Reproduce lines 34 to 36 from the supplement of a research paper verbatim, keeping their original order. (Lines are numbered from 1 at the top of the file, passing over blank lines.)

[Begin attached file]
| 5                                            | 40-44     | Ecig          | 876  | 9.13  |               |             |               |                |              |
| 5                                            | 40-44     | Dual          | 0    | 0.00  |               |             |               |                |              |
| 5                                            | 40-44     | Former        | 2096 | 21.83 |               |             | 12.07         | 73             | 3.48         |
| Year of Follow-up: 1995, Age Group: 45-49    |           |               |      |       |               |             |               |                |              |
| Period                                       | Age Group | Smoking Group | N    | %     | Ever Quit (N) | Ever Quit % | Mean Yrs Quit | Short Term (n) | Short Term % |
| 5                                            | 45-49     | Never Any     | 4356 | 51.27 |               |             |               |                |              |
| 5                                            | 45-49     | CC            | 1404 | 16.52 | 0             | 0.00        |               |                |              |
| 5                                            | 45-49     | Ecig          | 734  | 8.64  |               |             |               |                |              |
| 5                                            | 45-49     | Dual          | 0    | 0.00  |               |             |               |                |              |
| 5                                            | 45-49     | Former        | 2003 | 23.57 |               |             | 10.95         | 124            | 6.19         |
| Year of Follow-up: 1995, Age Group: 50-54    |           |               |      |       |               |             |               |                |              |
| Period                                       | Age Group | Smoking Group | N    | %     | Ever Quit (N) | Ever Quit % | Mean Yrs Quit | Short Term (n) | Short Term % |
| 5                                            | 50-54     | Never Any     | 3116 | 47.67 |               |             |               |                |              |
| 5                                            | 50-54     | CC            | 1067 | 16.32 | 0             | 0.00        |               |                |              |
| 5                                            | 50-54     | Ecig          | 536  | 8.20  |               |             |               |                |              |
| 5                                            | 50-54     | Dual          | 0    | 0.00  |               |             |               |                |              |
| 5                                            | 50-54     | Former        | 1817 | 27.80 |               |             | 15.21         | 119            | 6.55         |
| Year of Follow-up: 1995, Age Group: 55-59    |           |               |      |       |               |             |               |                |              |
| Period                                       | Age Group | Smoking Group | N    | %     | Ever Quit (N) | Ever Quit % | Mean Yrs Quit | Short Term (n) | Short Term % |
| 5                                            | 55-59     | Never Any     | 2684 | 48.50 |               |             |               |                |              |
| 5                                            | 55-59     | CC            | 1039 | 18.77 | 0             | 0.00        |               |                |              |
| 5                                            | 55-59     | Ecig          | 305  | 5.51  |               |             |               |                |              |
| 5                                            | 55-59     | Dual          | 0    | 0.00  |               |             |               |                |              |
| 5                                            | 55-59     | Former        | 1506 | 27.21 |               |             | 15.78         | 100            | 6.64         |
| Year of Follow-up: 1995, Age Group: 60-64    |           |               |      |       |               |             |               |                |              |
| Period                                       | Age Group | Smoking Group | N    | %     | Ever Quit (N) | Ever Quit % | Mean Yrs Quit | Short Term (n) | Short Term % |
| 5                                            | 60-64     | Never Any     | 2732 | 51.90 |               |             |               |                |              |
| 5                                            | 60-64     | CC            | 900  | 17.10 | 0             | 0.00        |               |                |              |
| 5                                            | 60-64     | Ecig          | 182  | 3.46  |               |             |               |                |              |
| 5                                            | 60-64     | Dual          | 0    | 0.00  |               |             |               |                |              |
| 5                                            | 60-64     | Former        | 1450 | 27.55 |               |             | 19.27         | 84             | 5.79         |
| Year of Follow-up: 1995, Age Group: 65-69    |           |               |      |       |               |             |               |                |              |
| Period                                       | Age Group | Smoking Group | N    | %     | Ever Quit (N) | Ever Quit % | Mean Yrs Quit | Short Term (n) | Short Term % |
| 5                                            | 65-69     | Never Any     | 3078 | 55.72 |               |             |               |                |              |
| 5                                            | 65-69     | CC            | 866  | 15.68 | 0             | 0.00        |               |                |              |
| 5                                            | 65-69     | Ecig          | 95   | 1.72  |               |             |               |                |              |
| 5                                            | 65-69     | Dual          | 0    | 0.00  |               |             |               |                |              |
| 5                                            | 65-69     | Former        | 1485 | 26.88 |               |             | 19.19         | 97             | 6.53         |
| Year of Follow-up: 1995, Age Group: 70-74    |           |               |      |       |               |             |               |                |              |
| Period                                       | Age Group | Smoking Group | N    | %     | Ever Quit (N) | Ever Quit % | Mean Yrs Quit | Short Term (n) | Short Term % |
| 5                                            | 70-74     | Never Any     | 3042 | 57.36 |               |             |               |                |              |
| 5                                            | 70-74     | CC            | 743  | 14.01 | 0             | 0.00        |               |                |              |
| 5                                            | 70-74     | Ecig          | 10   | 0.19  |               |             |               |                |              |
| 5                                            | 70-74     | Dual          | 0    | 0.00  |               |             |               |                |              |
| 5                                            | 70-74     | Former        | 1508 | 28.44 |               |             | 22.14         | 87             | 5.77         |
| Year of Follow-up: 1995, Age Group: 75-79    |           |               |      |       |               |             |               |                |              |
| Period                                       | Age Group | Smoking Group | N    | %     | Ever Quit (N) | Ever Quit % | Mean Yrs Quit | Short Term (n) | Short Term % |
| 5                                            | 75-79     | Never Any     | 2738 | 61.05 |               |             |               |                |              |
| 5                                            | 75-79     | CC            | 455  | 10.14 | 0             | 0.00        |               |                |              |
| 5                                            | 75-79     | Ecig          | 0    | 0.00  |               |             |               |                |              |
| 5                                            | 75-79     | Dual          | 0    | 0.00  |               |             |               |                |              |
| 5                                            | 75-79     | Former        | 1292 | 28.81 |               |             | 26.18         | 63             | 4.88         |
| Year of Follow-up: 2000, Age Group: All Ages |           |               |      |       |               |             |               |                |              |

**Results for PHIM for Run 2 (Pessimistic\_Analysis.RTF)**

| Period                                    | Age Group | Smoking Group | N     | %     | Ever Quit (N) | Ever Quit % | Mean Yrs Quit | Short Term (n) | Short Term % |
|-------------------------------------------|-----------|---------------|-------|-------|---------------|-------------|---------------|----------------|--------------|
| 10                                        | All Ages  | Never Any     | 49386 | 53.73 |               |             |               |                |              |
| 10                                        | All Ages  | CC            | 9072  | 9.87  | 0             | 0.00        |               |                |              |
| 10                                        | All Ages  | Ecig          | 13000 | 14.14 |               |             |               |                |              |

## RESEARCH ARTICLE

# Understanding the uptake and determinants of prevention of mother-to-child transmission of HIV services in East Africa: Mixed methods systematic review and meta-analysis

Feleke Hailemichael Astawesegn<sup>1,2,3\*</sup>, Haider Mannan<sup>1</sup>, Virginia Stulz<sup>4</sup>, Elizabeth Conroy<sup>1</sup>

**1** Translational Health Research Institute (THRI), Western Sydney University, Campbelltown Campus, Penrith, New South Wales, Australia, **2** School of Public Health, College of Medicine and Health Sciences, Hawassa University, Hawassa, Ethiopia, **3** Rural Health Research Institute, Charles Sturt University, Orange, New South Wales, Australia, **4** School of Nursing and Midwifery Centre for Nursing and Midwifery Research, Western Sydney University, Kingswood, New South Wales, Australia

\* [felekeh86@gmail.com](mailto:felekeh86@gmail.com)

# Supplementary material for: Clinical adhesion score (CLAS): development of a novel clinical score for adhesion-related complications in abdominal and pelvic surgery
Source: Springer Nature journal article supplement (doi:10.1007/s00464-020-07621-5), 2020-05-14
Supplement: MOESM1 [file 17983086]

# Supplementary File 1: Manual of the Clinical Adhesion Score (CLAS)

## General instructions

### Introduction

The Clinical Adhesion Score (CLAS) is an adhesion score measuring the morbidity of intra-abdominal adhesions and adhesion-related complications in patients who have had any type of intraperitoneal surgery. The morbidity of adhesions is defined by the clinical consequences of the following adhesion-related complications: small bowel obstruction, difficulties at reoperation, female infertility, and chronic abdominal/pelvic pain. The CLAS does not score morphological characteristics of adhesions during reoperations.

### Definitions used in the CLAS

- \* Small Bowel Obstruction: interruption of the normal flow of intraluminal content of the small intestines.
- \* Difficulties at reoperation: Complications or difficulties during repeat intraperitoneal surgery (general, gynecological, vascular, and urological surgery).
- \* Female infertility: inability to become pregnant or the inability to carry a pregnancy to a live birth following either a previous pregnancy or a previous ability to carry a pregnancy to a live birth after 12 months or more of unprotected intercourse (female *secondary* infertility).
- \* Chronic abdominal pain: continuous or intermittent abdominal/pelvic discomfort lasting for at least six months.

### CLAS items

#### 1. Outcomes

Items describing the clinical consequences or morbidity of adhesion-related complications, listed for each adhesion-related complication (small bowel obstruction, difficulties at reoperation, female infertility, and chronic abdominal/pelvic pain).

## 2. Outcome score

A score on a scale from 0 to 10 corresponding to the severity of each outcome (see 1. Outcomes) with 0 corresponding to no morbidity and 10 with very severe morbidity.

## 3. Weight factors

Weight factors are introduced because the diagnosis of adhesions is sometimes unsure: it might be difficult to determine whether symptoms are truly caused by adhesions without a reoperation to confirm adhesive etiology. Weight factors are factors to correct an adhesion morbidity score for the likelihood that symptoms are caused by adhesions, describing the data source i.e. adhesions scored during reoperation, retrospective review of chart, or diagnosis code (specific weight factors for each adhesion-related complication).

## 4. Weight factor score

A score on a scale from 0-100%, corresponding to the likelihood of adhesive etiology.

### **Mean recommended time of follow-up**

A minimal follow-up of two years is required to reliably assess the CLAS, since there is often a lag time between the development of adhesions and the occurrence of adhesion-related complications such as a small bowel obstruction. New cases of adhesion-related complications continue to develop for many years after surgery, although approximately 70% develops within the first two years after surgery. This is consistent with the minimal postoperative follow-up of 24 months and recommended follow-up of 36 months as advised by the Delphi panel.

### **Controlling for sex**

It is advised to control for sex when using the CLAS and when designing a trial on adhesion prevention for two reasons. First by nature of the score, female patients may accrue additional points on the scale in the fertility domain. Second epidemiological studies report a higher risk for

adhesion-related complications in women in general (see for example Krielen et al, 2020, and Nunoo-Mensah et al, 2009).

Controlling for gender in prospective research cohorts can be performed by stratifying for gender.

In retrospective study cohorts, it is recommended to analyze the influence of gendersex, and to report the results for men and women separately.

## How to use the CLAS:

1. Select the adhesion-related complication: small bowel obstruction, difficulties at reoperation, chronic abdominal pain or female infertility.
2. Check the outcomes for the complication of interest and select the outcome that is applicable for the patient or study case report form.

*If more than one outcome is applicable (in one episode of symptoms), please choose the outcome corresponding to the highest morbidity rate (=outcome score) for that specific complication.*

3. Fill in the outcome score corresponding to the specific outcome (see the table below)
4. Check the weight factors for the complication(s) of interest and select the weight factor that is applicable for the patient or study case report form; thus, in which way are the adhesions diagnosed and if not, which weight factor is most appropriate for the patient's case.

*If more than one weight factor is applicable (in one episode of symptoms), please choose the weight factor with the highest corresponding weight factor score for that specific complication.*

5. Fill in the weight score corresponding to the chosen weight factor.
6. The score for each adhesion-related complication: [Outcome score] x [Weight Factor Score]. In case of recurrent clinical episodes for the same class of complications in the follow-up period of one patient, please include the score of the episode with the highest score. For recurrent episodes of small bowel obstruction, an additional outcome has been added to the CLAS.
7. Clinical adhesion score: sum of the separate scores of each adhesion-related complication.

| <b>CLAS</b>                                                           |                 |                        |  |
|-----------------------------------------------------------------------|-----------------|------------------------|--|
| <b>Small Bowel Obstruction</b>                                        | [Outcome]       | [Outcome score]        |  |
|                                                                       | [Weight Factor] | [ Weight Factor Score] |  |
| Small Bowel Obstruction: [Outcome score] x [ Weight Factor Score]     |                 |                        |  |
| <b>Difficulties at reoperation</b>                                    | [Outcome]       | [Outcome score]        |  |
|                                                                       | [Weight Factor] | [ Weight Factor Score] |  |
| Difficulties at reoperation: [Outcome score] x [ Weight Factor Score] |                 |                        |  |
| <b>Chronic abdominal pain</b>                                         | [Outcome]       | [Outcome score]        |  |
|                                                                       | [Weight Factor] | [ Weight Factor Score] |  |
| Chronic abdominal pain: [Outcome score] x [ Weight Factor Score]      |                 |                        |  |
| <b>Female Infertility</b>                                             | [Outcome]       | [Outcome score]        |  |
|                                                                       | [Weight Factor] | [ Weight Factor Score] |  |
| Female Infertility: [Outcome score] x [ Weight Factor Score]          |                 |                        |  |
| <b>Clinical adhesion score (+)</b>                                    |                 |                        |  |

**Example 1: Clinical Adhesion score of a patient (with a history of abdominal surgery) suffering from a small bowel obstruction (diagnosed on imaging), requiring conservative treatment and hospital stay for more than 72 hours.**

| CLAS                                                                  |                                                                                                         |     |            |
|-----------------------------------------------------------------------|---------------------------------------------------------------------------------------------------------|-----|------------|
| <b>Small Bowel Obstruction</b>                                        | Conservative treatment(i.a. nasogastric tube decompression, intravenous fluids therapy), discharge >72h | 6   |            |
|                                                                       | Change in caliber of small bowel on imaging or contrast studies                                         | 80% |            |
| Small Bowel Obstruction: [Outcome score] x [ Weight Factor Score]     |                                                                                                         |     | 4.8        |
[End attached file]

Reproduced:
| 5                                            | 65-69     | Never Any     | 3078 | 55.72 |               |             |               |                |              |
| 5                                            | 65-69     | CC            | 866  | 15.68 | 0             | 0.00        |               |                |              |
| 5                                            | 65-69     | Ecig          | 95   | 1.72  |               |             |               |                |              |